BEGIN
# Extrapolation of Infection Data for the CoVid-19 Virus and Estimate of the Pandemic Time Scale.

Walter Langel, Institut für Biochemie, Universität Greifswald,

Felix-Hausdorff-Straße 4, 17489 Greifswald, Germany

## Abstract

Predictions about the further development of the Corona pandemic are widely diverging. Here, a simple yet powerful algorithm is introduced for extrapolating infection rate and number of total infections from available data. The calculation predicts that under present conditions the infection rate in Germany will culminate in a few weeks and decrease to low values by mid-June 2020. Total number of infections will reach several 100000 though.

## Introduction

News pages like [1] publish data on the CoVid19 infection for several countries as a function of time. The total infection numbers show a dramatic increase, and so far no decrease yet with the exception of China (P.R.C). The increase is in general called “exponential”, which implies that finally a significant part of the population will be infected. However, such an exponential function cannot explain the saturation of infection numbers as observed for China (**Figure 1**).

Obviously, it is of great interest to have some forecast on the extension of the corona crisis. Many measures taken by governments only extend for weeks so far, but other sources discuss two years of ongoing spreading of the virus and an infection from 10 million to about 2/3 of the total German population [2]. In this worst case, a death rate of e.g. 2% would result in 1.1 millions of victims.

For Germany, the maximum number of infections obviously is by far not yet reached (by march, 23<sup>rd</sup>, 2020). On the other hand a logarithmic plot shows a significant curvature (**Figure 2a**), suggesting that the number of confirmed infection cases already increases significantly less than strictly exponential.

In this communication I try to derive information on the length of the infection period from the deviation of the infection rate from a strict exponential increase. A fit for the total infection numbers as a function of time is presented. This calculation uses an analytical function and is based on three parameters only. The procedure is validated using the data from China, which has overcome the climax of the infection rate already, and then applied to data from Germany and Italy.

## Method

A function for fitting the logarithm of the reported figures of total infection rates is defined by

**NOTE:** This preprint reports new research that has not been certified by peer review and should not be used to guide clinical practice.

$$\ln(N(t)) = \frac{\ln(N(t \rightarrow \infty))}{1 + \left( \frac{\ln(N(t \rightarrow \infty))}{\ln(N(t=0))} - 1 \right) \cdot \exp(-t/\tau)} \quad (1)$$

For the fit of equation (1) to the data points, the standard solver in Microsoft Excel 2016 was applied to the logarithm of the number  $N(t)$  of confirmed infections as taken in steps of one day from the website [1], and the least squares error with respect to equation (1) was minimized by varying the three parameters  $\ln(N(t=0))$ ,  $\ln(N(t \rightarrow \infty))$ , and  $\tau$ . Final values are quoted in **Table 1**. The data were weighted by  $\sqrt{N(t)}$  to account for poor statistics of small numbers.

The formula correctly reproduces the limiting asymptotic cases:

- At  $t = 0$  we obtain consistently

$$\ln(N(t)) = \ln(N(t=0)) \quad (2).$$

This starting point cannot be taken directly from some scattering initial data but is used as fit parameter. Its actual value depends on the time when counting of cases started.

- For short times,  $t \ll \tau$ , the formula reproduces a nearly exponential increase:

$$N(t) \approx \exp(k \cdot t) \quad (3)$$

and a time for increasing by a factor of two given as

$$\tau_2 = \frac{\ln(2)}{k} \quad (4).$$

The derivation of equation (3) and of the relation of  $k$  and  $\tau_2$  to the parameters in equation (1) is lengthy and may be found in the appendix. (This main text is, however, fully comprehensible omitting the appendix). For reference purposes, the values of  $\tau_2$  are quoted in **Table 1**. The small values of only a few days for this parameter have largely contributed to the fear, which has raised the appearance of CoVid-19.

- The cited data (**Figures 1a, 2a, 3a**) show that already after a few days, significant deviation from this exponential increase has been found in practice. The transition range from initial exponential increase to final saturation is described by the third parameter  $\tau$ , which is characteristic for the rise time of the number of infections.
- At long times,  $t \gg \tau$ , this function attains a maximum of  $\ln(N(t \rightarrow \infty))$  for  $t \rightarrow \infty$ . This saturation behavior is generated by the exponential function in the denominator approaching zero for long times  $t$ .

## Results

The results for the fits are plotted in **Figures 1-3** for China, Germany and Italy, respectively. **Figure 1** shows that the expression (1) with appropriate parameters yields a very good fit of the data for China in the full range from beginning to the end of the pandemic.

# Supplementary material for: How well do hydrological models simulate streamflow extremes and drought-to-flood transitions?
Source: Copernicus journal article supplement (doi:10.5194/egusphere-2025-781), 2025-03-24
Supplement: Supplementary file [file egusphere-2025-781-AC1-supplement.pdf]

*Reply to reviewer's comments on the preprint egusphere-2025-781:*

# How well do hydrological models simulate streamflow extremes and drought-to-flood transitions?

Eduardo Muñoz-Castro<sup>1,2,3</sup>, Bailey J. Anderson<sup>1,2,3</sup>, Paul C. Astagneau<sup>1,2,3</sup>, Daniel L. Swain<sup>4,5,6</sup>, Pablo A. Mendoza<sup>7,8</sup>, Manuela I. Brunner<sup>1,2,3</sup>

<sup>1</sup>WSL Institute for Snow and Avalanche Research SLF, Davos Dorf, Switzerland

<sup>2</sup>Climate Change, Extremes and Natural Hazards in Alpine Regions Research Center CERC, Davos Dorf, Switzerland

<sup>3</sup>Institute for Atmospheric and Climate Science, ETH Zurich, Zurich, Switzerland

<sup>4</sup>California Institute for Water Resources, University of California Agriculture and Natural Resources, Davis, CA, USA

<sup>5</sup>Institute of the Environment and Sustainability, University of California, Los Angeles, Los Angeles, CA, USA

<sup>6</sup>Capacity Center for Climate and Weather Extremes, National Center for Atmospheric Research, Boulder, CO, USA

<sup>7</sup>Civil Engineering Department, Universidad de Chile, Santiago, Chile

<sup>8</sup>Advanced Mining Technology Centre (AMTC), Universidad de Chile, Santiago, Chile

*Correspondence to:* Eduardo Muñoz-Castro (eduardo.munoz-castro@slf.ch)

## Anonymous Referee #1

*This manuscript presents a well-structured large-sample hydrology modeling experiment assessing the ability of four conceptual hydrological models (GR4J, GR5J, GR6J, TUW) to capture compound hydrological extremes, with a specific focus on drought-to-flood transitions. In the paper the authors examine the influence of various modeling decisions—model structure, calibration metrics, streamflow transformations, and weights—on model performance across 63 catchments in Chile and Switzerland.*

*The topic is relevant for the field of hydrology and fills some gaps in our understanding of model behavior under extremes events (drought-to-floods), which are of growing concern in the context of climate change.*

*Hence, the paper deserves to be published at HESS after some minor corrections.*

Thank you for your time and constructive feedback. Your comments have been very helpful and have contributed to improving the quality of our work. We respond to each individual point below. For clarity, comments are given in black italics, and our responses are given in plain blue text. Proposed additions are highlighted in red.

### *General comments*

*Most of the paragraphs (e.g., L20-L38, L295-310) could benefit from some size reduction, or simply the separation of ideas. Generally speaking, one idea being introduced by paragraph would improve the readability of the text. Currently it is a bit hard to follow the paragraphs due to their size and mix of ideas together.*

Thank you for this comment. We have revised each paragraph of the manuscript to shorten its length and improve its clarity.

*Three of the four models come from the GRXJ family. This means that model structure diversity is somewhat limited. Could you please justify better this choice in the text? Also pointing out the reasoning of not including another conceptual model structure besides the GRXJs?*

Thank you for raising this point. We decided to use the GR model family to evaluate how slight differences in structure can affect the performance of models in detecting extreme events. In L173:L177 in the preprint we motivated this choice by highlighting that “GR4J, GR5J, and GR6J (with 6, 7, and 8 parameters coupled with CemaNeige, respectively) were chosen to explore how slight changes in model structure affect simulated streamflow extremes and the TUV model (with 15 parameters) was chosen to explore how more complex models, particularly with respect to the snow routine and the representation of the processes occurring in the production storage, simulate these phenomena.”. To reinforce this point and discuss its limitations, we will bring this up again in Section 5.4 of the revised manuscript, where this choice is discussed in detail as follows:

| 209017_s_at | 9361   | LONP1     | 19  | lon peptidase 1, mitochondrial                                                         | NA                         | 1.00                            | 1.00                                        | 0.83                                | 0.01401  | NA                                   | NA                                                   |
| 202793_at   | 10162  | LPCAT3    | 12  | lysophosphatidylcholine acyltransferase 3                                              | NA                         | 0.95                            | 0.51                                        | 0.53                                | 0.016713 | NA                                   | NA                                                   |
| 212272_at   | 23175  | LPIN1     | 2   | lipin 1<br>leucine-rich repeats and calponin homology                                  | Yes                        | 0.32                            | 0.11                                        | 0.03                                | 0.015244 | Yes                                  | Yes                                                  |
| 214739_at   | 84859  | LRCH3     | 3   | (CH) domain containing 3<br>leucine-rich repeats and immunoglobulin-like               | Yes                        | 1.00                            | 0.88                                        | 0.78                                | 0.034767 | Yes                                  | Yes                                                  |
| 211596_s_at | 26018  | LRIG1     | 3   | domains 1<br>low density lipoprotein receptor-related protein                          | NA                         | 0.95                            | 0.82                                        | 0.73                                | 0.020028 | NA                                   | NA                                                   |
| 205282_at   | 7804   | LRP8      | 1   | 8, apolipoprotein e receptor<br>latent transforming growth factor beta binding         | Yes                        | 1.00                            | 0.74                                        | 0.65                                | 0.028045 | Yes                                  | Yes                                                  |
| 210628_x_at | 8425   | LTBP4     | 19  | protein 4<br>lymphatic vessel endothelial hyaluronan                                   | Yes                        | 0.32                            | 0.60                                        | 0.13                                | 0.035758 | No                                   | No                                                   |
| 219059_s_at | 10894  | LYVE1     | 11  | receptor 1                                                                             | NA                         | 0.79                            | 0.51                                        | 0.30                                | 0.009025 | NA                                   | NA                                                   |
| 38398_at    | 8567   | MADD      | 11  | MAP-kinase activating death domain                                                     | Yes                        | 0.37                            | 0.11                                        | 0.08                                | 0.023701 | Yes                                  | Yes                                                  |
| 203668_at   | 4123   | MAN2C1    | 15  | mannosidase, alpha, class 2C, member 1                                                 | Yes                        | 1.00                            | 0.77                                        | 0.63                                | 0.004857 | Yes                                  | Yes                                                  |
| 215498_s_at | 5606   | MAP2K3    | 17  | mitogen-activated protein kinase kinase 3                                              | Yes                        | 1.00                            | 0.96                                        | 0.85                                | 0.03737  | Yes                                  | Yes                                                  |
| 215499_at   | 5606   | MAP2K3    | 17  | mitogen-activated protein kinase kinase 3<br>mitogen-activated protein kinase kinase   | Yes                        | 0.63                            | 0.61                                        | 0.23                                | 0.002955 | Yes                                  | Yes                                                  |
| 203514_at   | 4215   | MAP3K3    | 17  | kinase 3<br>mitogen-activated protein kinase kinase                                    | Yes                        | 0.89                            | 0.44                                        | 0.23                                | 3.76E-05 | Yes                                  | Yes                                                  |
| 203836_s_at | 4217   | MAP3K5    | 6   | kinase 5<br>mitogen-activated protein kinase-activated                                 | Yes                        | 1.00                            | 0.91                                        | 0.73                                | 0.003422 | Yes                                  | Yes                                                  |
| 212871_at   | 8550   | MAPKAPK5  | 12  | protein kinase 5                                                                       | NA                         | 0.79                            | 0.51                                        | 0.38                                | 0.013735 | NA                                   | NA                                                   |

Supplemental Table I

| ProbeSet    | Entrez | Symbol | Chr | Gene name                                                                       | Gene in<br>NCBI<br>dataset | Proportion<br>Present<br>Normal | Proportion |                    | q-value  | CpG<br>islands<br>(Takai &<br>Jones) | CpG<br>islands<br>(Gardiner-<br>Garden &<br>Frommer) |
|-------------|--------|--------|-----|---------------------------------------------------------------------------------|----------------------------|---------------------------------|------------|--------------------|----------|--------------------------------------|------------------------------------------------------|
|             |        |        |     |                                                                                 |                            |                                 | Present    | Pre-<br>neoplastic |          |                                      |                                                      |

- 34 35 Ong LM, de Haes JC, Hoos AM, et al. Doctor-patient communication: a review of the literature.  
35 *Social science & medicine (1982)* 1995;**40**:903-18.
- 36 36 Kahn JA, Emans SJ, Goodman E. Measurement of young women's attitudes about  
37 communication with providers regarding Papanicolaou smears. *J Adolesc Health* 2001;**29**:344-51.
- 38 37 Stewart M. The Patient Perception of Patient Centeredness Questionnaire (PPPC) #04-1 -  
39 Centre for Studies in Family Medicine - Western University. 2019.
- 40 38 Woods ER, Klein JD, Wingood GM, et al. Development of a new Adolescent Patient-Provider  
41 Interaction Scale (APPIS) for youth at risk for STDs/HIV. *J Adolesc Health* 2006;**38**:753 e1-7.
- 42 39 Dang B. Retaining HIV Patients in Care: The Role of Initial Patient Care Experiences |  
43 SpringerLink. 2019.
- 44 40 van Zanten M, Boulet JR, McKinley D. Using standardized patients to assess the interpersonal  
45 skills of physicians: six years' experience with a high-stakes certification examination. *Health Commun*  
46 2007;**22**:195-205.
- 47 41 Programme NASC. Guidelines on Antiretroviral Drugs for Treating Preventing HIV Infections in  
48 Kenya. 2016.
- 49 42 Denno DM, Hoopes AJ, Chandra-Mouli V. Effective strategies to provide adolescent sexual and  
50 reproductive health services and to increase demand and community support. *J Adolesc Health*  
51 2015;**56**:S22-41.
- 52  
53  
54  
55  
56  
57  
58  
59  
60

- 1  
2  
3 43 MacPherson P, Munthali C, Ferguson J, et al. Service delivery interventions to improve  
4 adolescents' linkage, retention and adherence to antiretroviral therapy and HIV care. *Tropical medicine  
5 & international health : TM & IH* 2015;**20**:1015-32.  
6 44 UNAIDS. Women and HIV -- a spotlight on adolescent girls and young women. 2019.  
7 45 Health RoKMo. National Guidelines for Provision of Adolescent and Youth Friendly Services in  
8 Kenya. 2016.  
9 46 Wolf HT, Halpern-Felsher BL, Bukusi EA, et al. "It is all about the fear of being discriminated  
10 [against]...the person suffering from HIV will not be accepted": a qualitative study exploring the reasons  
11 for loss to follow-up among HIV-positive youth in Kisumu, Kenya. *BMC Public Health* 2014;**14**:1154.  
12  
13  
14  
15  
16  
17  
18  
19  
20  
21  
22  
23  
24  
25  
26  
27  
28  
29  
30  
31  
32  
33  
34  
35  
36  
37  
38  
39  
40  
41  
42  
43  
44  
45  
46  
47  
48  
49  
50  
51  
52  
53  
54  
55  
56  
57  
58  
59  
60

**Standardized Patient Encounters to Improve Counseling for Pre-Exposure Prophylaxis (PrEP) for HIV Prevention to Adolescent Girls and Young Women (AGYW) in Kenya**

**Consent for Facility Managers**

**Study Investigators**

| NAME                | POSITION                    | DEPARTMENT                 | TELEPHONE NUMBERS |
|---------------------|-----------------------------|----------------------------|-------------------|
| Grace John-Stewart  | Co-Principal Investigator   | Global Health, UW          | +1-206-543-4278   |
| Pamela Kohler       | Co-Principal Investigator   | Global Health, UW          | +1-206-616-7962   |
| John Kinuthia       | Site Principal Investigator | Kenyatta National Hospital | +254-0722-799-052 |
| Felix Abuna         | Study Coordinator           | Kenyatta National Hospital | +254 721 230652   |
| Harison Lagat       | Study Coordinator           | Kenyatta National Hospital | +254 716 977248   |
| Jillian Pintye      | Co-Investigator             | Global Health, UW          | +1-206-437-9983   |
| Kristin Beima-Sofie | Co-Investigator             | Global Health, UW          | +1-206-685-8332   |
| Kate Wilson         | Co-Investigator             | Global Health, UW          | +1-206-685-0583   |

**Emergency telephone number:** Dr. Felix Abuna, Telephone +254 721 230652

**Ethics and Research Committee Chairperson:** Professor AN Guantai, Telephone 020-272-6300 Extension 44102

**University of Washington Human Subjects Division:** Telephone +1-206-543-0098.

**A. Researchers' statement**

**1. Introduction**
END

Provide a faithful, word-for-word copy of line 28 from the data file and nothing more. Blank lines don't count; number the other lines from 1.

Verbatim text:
The results for the fits are plotted in **Figures 1-3** for China, Germany and Italy, respectively. **Figure 1** shows that the expression (1) with appropriate parameters yields a very good fit of the data for China in the full range from beginning to the end of the pandemic.